The Uphill Battle to Safeguard Essential Services from Load Shedding

South African President Cyril Ramaphosa, alongside Public Enterprises Minister Pravin Gordhan, is seeking to challenge a recent court mandate demanding an exemption of key public services from electricity blackouts, a move they deem unrealistic.

The Appeal Unfolds

In response to a court ruling passed on 5th May, Ramaphosa and Gordhan have filed for leave to appeal the directive, which necessitates that all hospitals, clinics, schools, and police stations are exempt from power disruptions resulting from load shedding. Judge Norman Davis instructed the minister to take “all reasonable steps” within a two-month period to shield public health facilities, state-run schools, and the South African Police Service from electricity cuts.

The court’s decision was precipitated by a legal endeavor spearheaded by the United Democratic Movement (UDM), Inkatha Freedom Party, Action SA, the National Union of Metalworkers, among others. The aim: to protect hospitals and clinics, 23,000 public schools, and police stations from the clutches of load shedding. Alongside Gordhan, Eskom, the National Energy Regulator of South Africa, and others are listed as respondents, with Ramaphosa and the South African government designated as the fourth and eighth respondents respectively.

Rationale for Appeal

The primary reasons underlying the appeal revolve around the perceived vagueness of the order, its deemed impossibility of implementation, its alleged breach of the rule of law, and a perceived infringement of the separation of powers principle.

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Among the various arguments presented, the respondents posited that the court erred in its judgment that the respondents had not allocated budgetary resources to secure a sustainable electricity supply. They further maintain that adhering to the expansive scope of the court’s directive would necessitate drastic revisions of the state’s budget within the stipulated 60-day timeframe, an endeavor deemed unattainable due to requisite processes and inter-ministerial coordination.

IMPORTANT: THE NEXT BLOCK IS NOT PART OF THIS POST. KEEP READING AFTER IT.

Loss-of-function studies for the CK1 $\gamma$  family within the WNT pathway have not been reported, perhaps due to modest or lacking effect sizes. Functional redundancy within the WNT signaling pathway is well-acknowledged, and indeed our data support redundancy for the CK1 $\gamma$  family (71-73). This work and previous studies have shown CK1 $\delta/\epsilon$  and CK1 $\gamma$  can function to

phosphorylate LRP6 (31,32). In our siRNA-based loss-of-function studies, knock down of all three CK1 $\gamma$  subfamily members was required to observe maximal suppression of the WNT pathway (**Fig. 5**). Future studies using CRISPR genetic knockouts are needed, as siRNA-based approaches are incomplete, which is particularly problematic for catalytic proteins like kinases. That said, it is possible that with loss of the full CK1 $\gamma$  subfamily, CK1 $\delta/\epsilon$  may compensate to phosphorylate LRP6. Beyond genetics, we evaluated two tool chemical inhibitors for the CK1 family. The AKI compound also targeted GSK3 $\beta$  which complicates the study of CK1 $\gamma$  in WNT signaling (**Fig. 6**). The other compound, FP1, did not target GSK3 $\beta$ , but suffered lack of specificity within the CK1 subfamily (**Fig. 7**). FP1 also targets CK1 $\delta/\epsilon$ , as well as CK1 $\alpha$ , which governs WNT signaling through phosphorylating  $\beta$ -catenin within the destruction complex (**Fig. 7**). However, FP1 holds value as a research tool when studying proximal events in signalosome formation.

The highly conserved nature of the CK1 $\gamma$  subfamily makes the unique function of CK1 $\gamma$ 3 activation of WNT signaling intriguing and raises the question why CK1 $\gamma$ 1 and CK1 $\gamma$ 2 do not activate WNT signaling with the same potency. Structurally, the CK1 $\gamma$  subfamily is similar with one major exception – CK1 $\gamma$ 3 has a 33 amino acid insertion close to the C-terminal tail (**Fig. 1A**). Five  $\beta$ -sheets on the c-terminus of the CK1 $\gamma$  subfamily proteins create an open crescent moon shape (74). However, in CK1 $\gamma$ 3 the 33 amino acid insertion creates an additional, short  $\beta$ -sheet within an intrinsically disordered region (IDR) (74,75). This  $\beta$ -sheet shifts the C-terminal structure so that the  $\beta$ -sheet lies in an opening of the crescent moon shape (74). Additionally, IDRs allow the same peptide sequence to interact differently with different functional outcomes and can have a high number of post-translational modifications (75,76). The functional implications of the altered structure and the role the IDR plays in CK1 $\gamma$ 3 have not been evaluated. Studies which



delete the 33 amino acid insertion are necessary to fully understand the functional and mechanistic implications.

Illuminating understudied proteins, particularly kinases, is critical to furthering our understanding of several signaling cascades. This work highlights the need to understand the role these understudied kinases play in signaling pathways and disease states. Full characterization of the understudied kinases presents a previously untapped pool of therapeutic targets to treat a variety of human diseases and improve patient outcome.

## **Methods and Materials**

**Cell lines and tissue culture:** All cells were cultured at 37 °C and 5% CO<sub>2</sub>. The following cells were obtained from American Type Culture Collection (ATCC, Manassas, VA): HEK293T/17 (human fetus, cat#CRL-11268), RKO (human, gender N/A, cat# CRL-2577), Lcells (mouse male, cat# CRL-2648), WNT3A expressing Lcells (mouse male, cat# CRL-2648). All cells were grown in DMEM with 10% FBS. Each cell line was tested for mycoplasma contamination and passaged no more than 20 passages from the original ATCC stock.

Unfeasibility and Lack of Clarity

Gordhan argues the order’s lack of clarity regarding the definition of a “reasonable” step and the exact measures to be taken. He further questions the presumption that he, as a minister, possesses the capacity and jurisdiction to guarantee an uninterrupted electricity supply to the facilities in question.

The respondents also object to the court’s dismissal of generators as a viable solution, maintaining that alternative solutions such as solar PV panels necessitate a longer installation period exceeding the 60-day window. They also contend the multi-faceted causes of the energy crisis, implying that a coordinated response across multiple government branches is crucial, rendering the fulfilment of the court order in 60 days by Gordhan alone, implausible.

The respondents further argue that the directive calls for actions beyond Gordhan’s purview.

Presidential spokesperson, Vincent Magwenya, voiced concerns about the judgment’s potential impact on grid stability following the initial ruling.

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This appeal application relates to part A of the case. The UDM and other parties are also striving to hold President Ramaphosa legally accountable for the human toll of load shedding. The hearing for part B is slated for September.

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